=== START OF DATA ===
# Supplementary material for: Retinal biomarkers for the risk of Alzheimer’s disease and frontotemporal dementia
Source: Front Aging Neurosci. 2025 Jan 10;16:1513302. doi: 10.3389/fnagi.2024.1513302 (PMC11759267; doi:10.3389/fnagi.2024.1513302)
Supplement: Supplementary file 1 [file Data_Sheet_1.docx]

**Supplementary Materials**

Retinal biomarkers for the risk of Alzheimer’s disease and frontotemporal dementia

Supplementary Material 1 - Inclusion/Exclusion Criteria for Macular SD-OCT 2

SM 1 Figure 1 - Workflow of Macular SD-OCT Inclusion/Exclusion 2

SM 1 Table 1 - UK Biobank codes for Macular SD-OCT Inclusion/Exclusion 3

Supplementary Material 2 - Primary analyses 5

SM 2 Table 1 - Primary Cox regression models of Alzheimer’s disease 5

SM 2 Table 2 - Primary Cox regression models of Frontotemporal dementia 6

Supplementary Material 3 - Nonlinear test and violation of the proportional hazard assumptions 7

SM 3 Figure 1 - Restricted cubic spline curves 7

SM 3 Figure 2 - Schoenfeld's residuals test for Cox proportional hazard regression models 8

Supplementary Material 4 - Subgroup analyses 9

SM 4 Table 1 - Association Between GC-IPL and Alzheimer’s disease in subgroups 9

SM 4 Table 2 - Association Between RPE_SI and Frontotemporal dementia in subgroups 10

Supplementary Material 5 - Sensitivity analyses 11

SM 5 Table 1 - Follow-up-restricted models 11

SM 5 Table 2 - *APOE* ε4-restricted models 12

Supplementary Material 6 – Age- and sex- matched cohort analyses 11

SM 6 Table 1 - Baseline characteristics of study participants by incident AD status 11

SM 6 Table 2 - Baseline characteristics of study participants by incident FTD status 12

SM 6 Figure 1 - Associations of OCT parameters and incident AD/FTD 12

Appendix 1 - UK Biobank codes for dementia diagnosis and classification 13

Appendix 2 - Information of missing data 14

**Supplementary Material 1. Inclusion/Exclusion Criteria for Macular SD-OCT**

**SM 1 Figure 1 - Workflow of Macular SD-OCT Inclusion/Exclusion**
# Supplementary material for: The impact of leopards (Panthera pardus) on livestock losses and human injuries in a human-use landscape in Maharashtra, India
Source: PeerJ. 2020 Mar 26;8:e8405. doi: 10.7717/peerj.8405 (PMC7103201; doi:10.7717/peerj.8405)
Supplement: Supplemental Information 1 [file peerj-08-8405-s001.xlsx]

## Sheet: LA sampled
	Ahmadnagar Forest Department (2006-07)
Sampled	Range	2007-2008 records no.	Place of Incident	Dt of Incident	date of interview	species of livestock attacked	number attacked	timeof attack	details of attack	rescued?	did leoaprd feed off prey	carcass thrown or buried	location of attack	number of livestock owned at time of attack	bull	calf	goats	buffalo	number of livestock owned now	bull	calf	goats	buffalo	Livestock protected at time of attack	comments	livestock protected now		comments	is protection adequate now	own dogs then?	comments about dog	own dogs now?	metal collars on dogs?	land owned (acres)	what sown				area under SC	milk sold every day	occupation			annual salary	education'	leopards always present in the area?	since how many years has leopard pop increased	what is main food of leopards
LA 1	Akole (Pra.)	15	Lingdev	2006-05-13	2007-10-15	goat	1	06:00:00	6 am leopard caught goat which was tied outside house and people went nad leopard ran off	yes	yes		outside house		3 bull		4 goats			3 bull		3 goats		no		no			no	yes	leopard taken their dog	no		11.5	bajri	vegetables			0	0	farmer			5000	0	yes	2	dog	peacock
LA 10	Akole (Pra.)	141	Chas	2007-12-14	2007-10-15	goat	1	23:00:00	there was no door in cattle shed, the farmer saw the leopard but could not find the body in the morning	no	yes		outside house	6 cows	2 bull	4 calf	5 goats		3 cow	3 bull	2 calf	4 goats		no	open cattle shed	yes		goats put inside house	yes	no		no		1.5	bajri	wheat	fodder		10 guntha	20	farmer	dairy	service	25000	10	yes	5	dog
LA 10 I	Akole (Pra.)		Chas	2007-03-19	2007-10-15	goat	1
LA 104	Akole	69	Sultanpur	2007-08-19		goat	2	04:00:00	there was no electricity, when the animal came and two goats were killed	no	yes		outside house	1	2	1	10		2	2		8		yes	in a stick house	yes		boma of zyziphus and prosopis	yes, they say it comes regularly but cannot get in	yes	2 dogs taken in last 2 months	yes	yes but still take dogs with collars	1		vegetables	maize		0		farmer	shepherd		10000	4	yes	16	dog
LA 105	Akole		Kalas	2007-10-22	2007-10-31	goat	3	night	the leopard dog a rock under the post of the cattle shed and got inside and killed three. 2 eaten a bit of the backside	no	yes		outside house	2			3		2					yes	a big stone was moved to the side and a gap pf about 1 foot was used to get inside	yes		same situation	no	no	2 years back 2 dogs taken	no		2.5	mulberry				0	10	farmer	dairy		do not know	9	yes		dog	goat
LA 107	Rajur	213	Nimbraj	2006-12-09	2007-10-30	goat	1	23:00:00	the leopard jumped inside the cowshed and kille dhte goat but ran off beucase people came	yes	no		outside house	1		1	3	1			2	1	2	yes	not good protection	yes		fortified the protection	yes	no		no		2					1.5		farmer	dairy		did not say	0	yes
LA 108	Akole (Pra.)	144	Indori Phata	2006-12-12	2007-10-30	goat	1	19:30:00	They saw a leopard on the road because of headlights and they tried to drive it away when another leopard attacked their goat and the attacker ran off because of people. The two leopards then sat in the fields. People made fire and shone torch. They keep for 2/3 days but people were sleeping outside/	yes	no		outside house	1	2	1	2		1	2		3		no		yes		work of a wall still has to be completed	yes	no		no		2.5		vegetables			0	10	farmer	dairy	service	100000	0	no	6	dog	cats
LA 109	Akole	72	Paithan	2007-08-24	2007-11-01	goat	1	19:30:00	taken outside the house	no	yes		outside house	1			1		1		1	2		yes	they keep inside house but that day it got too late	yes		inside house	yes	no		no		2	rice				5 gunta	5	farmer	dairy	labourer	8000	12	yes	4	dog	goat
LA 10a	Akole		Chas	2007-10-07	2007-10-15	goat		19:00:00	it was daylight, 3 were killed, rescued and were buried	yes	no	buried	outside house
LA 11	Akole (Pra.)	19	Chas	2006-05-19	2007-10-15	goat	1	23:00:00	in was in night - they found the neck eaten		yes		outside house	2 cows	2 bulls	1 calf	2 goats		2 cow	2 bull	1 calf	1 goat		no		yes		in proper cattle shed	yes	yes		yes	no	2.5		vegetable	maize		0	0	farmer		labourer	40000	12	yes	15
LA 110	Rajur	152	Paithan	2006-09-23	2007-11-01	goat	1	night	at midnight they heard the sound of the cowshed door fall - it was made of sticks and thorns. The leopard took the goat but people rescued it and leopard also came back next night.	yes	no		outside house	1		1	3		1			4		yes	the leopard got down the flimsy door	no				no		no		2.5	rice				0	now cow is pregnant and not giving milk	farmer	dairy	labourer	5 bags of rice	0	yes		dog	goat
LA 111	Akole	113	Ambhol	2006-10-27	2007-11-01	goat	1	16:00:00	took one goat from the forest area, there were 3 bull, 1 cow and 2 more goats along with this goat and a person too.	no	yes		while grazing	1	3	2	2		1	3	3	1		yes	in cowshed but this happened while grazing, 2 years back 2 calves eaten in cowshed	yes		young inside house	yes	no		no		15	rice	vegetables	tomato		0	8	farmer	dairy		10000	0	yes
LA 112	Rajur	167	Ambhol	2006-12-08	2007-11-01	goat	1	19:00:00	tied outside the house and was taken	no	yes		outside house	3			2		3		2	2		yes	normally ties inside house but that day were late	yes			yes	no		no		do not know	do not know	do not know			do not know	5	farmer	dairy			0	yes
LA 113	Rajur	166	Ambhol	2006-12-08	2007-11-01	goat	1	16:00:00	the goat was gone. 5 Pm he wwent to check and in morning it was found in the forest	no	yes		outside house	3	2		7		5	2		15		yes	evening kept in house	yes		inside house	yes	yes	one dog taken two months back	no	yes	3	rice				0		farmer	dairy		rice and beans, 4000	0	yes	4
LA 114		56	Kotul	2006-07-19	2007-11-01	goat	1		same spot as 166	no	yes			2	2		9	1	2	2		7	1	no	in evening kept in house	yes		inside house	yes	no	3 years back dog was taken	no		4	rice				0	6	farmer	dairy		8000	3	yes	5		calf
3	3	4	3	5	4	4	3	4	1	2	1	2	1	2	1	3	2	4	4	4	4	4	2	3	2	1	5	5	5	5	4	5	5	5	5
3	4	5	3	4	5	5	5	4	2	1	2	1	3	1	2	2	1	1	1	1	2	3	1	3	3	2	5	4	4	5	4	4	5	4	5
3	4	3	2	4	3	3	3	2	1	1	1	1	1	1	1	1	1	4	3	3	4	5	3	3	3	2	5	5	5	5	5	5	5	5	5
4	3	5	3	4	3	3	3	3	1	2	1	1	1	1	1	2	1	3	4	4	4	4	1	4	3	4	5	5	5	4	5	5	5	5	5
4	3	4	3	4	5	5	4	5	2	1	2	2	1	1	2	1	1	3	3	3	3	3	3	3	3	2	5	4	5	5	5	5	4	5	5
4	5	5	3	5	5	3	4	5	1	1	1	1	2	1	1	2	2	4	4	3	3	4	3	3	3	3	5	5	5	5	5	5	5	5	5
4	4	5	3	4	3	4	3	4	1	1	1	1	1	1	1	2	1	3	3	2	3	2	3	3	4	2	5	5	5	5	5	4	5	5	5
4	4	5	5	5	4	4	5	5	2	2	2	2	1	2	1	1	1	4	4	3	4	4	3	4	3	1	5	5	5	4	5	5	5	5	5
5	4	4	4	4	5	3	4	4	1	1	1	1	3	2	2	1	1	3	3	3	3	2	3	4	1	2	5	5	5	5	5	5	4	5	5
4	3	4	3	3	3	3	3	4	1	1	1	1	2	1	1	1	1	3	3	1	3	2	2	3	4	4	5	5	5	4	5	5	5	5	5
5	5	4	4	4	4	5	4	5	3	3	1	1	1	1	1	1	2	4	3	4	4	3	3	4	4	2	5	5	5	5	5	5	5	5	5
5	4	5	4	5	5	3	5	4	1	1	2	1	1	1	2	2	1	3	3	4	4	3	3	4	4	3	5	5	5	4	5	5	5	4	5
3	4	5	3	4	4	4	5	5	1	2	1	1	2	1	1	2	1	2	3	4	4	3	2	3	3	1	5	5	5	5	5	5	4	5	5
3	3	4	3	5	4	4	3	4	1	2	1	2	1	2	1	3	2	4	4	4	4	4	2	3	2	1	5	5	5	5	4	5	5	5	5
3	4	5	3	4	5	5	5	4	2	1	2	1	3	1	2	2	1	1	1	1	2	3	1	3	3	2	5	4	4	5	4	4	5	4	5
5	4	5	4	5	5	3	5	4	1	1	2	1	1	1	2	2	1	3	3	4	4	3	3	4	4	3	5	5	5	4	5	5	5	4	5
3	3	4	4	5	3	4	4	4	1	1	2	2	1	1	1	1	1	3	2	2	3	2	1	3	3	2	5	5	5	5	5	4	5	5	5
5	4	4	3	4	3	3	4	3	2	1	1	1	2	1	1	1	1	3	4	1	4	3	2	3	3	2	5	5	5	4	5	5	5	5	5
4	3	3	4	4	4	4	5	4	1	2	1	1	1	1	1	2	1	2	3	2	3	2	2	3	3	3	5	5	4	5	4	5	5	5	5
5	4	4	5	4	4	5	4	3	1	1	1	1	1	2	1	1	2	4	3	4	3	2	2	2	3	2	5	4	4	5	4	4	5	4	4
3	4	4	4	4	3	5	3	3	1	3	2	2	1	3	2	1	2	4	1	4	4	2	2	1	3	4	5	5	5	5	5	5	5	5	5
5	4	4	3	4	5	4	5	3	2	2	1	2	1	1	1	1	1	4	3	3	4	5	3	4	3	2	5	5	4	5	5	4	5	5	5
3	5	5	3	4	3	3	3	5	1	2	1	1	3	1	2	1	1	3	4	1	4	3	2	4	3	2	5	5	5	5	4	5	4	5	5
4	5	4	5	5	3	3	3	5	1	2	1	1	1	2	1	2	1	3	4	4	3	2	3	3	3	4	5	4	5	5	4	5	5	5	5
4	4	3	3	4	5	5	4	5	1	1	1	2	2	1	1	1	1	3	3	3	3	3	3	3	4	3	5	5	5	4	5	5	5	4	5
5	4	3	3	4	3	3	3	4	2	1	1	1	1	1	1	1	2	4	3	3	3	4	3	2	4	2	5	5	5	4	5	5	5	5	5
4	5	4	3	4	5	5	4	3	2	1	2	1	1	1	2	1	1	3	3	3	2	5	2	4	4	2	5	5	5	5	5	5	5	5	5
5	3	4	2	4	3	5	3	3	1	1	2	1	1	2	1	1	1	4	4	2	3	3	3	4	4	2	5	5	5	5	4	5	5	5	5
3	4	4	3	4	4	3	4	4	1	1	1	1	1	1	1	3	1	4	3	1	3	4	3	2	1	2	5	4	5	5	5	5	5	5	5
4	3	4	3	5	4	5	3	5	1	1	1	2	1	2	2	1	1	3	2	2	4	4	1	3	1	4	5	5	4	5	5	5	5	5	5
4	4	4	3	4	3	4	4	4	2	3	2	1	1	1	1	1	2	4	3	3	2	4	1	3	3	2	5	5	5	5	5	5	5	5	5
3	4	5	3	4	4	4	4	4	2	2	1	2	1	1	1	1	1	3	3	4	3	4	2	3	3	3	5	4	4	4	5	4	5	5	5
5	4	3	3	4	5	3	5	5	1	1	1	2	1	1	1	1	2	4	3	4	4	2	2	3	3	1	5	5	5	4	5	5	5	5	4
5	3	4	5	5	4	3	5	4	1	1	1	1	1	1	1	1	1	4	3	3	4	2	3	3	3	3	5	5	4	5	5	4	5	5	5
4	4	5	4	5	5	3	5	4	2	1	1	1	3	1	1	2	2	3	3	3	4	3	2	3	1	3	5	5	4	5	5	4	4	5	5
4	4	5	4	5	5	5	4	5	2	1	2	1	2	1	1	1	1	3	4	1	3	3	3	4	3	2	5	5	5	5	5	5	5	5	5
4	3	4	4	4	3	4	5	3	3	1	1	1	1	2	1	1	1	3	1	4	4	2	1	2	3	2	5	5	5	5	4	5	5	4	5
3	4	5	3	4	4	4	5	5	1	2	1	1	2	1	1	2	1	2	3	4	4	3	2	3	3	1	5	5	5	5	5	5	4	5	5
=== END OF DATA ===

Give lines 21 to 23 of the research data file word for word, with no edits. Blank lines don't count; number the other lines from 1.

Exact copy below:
Supplementary Material 6 – Age- and sex- matched cohort analyses 11

SM 6 Table 1 - Baseline characteristics of study participants by incident AD status 11

SM 6 Table 2 - Baseline characteristics of study participants by incident FTD status 12